Earth Day Workshop: Backyard Solutions to Nitrogen Pollution in the Great Bay Estuary

April 13, 2010

Portsmouth, NH – The New Hampshire Coastal Protection Partnership will celebrate the 40th Anniversary of Earth Day by hosting an eco-friendly workshop highlighting steps that local residents can take to reduce nitrogen pollution in the Great Bay Estuary right in their own backyard. Participants will get basic tips on how to install a rain garden at home. They will also learn how to make eco-friendly decisions about lawn fertilization.

When: Tuesday, April 20 from 7 to 8 PM

Where: Urban Forestry Center Meeting Room – 45 Elwyn Rd. in Portsmouth, NH

Free and open to the public, with a suggested donation of $10. RSVP online at or send an email to

The workshop is part of the New Hampshire Coastal Protection Partnership’s ongoing efforts to improve water quality in Great Bay by reducing nitrogen pollution from two major sources: lawn fertilizers and stormwater run-off. When it rains, stormwater run-off carries nitrogen from lawn fertilizers, pet waste, and leaky septic tanks into the estuary. As a result, the total nitrogen load to Great Bay has increased by more than 42 percent over the past five years. Nitrogen pollution can trigger explosions of algae in an estuary that consume oxygen and block out sunlight aquatic plants and wildlife need to survive, leading to a loss of habitat.

The week of Earth Day is a great time for the seacoast community to come together and learn how to take action to protect Great Bay. This critical coastal habitat is home to more than 162 species and plays an important role in the local economy. Countless tourists travel to the seacoast to learn about the estuary each year.

Editorial: Great Bay needs everyone’s help

March 26, 2010

An editorial in The Concord Monitor shines a light on the water quality problems facing Great Bay and how people can help by supporting oyster restoration. Read the editorial.

Part of Newmarket gravel pit land belongs to Nature Conservancy

December 11, 2009

Access the Seacoast Online Article here.

“The Planning Board unanimously voted to accept a gravel pit reclamation plan submitted on behalf of The Nature Conservancy for property it owns along Wadleigh Falls Road during its Dec. 8 meeting.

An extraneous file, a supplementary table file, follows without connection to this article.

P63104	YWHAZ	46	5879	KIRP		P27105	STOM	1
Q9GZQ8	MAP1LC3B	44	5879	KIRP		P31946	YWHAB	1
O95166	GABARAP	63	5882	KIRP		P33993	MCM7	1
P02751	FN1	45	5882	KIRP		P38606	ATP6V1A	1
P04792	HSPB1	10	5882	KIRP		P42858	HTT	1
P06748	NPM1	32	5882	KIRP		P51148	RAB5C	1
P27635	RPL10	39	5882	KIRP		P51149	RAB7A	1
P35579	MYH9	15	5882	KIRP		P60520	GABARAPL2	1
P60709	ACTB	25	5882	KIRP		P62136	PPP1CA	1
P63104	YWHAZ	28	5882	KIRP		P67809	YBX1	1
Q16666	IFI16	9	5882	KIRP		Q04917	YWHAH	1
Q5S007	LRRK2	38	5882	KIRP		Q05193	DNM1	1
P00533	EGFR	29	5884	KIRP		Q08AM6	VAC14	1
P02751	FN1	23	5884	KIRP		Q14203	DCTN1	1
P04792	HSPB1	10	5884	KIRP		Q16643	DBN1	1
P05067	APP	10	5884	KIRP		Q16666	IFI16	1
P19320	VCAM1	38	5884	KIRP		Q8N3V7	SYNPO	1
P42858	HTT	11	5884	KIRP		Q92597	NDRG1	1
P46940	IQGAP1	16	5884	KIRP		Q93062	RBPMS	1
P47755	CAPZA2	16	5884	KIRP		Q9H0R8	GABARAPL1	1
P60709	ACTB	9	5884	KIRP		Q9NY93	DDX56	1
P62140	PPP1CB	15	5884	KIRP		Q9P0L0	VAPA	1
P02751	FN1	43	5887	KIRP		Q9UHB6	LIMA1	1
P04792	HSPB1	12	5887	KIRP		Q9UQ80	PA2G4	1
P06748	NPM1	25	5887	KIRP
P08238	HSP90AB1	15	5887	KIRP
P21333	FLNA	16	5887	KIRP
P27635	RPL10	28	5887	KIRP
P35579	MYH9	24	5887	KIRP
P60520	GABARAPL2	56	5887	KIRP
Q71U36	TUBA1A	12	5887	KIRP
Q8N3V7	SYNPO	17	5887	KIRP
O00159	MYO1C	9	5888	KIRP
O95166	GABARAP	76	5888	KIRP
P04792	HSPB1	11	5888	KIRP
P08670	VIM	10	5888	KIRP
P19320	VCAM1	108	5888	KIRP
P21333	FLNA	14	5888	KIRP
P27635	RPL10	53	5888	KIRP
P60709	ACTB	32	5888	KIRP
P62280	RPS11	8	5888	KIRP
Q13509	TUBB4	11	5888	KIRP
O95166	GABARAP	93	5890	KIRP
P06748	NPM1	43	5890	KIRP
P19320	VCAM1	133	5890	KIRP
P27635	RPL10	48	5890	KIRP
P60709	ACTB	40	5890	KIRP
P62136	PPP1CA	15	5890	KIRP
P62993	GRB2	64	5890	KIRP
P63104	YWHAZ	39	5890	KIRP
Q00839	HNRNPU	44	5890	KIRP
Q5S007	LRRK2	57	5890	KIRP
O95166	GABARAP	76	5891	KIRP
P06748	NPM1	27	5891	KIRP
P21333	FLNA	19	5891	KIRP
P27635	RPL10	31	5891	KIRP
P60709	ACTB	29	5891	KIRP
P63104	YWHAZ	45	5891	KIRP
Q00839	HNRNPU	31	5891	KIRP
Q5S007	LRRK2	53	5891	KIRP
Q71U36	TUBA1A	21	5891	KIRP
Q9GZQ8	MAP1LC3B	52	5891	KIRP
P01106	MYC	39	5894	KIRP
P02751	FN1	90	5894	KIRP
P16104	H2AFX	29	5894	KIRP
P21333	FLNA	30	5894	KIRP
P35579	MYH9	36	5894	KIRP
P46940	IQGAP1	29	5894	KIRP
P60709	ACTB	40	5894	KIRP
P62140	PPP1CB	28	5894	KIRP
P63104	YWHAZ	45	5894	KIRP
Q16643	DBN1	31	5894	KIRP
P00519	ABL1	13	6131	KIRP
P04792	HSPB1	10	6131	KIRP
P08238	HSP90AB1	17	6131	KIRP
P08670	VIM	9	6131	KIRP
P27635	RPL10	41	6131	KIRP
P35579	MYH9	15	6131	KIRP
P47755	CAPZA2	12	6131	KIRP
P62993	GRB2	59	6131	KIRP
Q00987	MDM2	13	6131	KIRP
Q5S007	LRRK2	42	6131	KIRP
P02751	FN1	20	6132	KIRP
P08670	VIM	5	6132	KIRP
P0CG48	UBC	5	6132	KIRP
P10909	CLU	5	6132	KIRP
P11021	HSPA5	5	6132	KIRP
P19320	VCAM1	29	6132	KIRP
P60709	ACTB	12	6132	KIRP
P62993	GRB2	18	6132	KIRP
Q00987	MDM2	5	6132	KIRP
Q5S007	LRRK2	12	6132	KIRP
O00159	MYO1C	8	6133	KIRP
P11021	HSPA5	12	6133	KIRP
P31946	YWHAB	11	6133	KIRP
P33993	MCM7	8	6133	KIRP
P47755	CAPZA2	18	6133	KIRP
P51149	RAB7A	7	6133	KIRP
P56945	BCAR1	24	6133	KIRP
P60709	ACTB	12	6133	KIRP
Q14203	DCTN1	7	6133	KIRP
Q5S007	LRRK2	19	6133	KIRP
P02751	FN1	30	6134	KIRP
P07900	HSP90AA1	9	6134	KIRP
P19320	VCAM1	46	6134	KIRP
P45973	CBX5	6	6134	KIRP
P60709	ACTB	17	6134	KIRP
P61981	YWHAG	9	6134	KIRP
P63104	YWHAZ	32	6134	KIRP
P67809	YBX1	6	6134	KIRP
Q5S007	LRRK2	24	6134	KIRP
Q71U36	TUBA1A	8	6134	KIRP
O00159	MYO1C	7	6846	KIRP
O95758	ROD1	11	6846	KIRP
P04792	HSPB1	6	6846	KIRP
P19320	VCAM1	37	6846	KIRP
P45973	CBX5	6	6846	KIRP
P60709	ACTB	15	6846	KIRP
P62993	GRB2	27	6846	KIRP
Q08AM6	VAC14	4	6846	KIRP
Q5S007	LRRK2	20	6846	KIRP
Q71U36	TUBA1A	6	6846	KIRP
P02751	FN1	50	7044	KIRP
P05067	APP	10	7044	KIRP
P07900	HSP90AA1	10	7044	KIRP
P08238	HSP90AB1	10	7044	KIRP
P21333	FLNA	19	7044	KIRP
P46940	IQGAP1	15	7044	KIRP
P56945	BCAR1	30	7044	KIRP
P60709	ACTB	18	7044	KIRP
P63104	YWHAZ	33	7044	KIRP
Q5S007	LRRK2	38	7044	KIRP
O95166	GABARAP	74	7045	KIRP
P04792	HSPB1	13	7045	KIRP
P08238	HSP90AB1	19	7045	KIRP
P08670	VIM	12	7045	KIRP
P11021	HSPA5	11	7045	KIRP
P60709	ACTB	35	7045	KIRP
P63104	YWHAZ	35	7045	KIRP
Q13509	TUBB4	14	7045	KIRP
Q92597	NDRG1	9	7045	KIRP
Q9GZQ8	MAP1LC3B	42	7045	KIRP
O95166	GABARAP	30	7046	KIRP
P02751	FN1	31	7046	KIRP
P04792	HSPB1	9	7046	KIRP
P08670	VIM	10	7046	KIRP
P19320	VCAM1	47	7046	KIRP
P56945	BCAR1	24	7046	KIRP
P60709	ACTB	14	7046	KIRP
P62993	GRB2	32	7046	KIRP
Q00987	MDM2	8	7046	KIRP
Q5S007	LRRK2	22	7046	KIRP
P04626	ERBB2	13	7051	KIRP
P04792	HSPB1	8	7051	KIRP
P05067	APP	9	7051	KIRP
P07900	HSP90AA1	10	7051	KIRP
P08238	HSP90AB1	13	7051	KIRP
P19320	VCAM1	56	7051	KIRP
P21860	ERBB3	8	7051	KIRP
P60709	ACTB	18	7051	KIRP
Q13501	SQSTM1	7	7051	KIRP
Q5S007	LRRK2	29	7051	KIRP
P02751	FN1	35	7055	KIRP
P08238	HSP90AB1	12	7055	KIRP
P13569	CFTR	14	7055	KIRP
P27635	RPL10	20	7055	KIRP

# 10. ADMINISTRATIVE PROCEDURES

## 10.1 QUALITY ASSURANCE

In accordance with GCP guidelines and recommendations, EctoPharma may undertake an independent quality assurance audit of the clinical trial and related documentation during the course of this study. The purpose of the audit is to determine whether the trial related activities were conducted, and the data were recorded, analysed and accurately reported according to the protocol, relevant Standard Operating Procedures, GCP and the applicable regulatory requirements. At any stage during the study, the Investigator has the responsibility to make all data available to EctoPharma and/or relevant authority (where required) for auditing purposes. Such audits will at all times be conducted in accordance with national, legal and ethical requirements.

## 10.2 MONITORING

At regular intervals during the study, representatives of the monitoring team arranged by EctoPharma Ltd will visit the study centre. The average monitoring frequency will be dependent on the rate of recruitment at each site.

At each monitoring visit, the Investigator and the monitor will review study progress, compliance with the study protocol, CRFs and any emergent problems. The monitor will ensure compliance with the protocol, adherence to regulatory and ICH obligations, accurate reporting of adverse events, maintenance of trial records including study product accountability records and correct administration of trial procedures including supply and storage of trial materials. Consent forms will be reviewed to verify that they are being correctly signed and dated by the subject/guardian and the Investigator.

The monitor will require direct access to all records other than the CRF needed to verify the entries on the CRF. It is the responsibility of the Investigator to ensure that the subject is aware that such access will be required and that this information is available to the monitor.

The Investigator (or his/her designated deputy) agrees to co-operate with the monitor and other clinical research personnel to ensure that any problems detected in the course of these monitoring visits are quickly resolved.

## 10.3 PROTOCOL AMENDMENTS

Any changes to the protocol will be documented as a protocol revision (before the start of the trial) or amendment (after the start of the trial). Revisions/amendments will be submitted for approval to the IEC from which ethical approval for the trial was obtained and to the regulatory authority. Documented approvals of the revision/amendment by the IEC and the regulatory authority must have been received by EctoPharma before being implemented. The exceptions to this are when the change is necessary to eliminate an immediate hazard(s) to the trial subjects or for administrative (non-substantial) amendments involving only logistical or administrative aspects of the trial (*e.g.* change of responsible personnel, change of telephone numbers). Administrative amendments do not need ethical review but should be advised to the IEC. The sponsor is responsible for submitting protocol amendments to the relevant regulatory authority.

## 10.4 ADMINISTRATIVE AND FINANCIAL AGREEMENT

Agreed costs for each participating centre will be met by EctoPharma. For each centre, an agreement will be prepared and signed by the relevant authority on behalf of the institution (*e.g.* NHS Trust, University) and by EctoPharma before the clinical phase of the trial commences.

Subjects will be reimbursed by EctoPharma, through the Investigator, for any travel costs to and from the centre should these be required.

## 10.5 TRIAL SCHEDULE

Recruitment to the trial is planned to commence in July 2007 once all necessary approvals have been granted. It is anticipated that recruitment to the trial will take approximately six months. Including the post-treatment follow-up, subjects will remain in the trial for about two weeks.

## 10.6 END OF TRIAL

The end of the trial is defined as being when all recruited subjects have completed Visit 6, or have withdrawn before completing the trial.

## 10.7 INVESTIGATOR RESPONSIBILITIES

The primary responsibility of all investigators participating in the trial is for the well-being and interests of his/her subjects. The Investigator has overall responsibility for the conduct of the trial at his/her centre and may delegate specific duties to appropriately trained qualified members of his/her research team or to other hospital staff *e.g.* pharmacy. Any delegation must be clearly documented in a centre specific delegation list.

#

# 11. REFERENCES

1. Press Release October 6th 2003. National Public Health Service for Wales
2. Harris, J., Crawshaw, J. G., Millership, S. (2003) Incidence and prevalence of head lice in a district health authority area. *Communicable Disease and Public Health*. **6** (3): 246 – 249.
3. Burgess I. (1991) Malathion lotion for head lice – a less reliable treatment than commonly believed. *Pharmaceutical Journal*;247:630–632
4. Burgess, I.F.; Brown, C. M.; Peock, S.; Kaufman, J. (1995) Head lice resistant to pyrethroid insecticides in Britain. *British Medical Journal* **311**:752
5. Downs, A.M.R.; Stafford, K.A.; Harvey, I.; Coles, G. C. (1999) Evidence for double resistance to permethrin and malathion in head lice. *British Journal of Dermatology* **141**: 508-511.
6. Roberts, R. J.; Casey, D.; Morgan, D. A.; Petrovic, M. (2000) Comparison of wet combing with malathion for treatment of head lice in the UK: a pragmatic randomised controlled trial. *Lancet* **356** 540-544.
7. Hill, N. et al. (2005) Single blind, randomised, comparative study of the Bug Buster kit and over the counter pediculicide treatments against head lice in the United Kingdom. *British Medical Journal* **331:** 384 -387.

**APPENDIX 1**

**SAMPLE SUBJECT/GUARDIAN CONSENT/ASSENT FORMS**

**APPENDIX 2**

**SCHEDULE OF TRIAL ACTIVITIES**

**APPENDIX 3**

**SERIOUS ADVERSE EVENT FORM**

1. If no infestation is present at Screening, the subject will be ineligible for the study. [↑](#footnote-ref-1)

Located at 358 Wadleigh Falls Road, the pit is part of a 115-acre parcel of land extending from Newmarket to Durham that belongs to the conservancy.

Special attention will be taken to create and enhance wildlife habitat for various turtle and bird species that have been found there as well”

Pact reached to conserve three islands in New Castle back channel

December 11, 2009

Read the full Foster’s article here.

“The New Castle Open Space Committee, the Southeast Land Trust, and the landowner have reached agreement on the proposed purchase of three islands in the Piscataqua River’s back channel in New Castle, affectionately known by generations of island children as “Jumping Rock.”

The undeveloped islands offer habitat for a diversity of wildlife, including tern, deer, blue heron, kingfisher and other wildlife. Blueberry bushes, white pine and red oak populate the islands.”

TREE Facility in Rochester Certified as Wildlife at Work

December 1, 2009

Read the full article as featured in Business NH magazine

“Turnkey Recycling and Environmental Enterprise (TREE) in Rochester was one of 18 facilities to receive re-certification as a ‘Wildlife at Work’ site from the Wildlife Habitat Council. These certifications, announced at the council’s annual meeting, recognize outstanding habitat management and environmental education programs developed through partnerships with local organizations.

The TREE facility is an environmental park encompassing roughly 1,245 acres, of which 150 are actively managed for wildlife. The land abuts both the Isinglass and Cocheco rivers.”

The Isinglass River feeds into the Cocheco River, a tributary of the Great Bay estuarine system.

Conservation Roundtable, Part I: Wildlife and Water: Why Is It Important?, 11/19/2009

November 3, 2009

November 19, 2009; 7-9 pm

Candia Town Office Meeting Room; Candia, NH 

Why is land and water important? Why does it need to be protected? Frank Mitchell and guests will discuss how land and water provides habitat for native wildlife and plants and “ecosystem” or natural services such as water quality protection, groundwater recharge, and flood control.

Riparian Zones Essential in Protecting Water Quality

November 3, 2009